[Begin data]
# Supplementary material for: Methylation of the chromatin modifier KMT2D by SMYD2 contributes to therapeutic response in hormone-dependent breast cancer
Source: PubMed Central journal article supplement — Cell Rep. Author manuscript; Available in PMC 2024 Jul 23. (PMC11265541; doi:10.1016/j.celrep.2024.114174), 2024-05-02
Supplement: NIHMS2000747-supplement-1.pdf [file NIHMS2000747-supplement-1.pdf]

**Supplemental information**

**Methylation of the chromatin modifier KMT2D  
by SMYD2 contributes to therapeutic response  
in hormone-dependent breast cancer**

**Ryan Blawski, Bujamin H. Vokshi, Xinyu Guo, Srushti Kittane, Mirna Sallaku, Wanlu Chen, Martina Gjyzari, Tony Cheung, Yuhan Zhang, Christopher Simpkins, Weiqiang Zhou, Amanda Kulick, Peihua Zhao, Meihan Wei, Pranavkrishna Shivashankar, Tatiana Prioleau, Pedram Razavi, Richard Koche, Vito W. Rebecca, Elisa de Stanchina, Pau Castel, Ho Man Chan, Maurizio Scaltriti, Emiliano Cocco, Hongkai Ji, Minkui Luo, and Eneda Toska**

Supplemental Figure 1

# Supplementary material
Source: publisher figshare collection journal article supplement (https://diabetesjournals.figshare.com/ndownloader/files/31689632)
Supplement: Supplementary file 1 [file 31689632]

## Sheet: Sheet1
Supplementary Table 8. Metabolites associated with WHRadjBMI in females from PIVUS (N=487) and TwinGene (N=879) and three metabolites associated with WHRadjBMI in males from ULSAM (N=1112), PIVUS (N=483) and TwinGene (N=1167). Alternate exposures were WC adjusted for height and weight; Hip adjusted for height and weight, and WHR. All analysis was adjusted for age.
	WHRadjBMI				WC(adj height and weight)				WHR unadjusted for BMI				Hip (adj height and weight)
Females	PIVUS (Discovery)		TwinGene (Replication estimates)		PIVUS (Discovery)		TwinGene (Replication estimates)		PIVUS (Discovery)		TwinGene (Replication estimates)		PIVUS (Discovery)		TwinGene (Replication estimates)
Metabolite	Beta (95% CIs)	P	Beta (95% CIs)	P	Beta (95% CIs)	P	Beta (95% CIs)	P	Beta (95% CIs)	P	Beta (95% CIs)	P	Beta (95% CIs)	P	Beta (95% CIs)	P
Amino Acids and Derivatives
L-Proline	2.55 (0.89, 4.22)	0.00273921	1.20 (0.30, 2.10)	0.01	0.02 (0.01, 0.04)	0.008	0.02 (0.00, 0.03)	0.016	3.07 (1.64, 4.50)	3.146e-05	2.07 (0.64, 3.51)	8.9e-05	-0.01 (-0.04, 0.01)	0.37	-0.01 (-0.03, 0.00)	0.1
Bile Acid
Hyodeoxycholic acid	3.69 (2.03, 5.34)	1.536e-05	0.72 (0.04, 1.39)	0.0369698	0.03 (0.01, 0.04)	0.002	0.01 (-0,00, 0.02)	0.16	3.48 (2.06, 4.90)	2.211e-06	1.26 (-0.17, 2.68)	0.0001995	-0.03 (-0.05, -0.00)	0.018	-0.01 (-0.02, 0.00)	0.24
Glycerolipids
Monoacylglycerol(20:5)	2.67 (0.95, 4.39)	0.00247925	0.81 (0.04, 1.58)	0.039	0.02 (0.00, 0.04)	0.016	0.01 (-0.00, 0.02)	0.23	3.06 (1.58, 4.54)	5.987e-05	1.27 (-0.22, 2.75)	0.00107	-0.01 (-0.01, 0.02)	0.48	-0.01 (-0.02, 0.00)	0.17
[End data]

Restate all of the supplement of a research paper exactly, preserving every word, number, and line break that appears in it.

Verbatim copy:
# Supplementary material for: Methylation of the chromatin modifier KMT2D by SMYD2 contributes to therapeutic response in hormone-dependent breast cancer
Source: PubMed Central journal article supplement — Cell Rep. Author manuscript; Available in PMC 2024 Jul 23. (PMC11265541; doi:10.1016/j.celrep.2024.114174), 2024-05-02
Supplement: NIHMS2000747-supplement-1.pdf [file NIHMS2000747-supplement-1.pdf]

**Supplemental information**

**Methylation of the chromatin modifier KMT2D  
by SMYD2 contributes to therapeutic response  
in hormone-dependent breast cancer**

**Ryan Blawski, Bujamin H. Vokshi, Xinyu Guo, Srushti Kittane, Mirna Sallaku, Wanlu Chen, Martina Gjyzari, Tony Cheung, Yuhan Zhang, Christopher Simpkins, Weiqiang Zhou, Amanda Kulick, Peihua Zhao, Meihan Wei, Pranavkrishna Shivashankar, Tatiana Prioleau, Pedram Razavi, Richard Koche, Vito W. Rebecca, Elisa de Stanchina, Pau Castel, Ho Man Chan, Maurizio Scaltriti, Emiliano Cocco, Hongkai Ji, Minkui Luo, and Eneda Toska**

Supplemental Figure 1

# Supplementary material
Source: publisher figshare collection journal article supplement (https://diabetesjournals.figshare.com/ndownloader/files/31689632)
Supplement: Supplementary file 1 [file 31689632]

## Sheet: Sheet1
Supplementary Table 8. Metabolites associated with WHRadjBMI in females from PIVUS (N=487) and TwinGene (N=879) and three metabolites associated with WHRadjBMI in males from ULSAM (N=1112), PIVUS (N=483) and TwinGene (N=1167). Alternate exposures were WC adjusted for height and weight; Hip adjusted for height and weight, and WHR. All analysis was adjusted for age.
	WHRadjBMI				WC(adj height and weight)				WHR unadjusted for BMI				Hip (adj height and weight)
Females	PIVUS (Discovery)		TwinGene (Replication estimates)		PIVUS (Discovery)		TwinGene (Replication estimates)		PIVUS (Discovery)		TwinGene (Replication estimates)		PIVUS (Discovery)		TwinGene (Replication estimates)
Metabolite	Beta (95% CIs)	P	Beta (95% CIs)	P	Beta (95% CIs)	P	Beta (95% CIs)	P	Beta (95% CIs)	P	Beta (95% CIs)	P	Beta (95% CIs)	P	Beta (95% CIs)	P
Amino Acids and Derivatives
L-Proline	2.55 (0.89, 4.22)	0.00273921	1.20 (0.30, 2.10)	0.01	0.02 (0.01, 0.04)	0.008	0.02 (0.00, 0.03)	0.016	3.07 (1.64, 4.50)	3.146e-05	2.07 (0.64, 3.51)	8.9e-05	-0.01 (-0.04, 0.01)	0.37	-0.01 (-0.03, 0.00)	0.1
Bile Acid
Hyodeoxycholic acid	3.69 (2.03, 5.34)	1.536e-05	0.72 (0.04, 1.39)	0.0369698	0.03 (0.01, 0.04)	0.002	0.01 (-0,00, 0.02)	0.16	3.48 (2.06, 4.90)	2.211e-06	1.26 (-0.17, 2.68)	0.0001995	-0.03 (-0.05, -0.00)	0.018	-0.01 (-0.02, 0.00)	0.24
Glycerolipids
Monoacylglycerol(20:5)	2.67 (0.95, 4.39)	0.00247925	0.81 (0.04, 1.58)	0.039	0.02 (0.00, 0.04)	0.016	0.01 (-0.00, 0.02)	0.23	3.06 (1.58, 4.54)	5.987e-05	1.27 (-0.22, 2.75)	0.00107	-0.01 (-0.01, 0.02)	0.48	-0.01 (-0.02, 0.00)	0.17